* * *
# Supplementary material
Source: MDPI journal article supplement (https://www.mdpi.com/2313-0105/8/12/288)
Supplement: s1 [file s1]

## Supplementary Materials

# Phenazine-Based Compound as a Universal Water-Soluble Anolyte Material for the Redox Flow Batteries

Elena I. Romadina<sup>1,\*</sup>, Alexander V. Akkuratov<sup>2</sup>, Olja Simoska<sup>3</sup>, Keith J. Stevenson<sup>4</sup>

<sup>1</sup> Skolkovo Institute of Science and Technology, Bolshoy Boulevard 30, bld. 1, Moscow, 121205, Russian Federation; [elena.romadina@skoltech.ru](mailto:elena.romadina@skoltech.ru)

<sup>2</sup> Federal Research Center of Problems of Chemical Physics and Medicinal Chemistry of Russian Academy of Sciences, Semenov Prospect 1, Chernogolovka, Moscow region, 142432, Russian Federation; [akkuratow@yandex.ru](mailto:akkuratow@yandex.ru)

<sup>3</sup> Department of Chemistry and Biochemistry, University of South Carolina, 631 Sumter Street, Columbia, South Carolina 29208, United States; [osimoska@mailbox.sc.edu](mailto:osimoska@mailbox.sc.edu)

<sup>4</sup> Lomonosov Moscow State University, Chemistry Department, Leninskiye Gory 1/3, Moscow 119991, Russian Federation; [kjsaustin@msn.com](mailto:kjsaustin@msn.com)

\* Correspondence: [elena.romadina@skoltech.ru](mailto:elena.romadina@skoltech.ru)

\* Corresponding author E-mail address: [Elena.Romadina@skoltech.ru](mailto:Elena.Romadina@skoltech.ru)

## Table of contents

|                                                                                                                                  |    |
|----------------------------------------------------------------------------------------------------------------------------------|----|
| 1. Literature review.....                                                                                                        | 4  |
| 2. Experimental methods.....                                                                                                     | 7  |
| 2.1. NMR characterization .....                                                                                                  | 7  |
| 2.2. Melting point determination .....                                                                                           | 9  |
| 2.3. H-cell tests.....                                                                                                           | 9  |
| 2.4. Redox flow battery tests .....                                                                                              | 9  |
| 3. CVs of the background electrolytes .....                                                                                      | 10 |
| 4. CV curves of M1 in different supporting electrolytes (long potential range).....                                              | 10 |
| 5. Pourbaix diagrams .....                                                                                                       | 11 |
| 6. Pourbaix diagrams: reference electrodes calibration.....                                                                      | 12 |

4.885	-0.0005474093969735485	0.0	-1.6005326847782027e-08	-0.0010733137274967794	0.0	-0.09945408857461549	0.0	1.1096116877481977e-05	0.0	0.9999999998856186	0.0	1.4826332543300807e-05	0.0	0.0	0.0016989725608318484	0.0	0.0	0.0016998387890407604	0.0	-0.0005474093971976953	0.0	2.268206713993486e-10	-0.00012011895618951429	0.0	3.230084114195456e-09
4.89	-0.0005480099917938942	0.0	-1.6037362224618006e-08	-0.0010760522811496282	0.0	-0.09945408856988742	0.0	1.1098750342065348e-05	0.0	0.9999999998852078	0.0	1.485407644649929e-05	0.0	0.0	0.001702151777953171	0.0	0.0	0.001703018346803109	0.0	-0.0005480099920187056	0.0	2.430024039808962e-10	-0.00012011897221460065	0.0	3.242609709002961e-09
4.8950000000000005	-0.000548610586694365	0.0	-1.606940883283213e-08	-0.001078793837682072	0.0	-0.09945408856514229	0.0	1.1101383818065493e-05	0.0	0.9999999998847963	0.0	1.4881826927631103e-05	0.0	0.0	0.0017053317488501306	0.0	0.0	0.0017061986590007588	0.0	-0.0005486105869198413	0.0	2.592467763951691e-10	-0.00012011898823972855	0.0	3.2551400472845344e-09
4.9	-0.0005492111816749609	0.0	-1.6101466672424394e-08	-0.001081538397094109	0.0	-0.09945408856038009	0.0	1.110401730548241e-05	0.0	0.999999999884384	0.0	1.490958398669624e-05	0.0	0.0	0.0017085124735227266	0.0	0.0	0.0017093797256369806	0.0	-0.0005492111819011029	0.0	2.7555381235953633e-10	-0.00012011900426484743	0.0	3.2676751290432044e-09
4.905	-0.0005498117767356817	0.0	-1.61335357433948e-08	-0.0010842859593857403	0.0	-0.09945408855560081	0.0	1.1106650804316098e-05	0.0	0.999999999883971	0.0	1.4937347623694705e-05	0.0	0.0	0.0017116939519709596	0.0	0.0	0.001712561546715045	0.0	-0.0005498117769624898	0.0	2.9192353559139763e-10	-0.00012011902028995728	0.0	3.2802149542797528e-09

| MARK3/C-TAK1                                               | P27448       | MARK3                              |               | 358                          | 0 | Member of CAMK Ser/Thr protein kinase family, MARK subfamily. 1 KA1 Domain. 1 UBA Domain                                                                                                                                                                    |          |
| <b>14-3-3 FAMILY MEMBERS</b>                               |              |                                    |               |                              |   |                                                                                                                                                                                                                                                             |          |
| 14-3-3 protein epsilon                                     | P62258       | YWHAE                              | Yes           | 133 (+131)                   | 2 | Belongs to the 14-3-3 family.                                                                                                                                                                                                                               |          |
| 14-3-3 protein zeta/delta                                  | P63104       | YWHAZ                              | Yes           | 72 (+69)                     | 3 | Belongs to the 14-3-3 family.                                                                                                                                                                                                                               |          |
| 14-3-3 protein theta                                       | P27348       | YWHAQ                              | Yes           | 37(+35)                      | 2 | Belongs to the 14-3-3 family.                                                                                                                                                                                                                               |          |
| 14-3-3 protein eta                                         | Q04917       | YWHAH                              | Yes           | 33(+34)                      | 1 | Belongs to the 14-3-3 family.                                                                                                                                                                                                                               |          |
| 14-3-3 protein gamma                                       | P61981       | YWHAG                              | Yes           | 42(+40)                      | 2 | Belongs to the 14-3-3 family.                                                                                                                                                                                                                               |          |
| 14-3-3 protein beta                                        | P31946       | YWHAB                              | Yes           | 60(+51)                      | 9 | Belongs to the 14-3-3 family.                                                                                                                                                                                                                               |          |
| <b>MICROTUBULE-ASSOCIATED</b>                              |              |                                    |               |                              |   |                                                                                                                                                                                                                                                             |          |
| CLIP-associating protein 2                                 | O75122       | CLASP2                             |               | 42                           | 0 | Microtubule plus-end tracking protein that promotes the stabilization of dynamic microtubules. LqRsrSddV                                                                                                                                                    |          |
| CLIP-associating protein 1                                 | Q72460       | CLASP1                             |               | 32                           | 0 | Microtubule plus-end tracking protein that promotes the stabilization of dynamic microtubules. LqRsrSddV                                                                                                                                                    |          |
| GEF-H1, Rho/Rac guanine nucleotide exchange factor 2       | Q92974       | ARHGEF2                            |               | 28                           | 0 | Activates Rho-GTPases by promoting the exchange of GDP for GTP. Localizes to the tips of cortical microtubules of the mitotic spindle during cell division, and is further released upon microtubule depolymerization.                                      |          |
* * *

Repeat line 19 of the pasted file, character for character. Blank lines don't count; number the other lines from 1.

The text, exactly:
| 2.2. Melting point determination .....                                                                                           | 9  |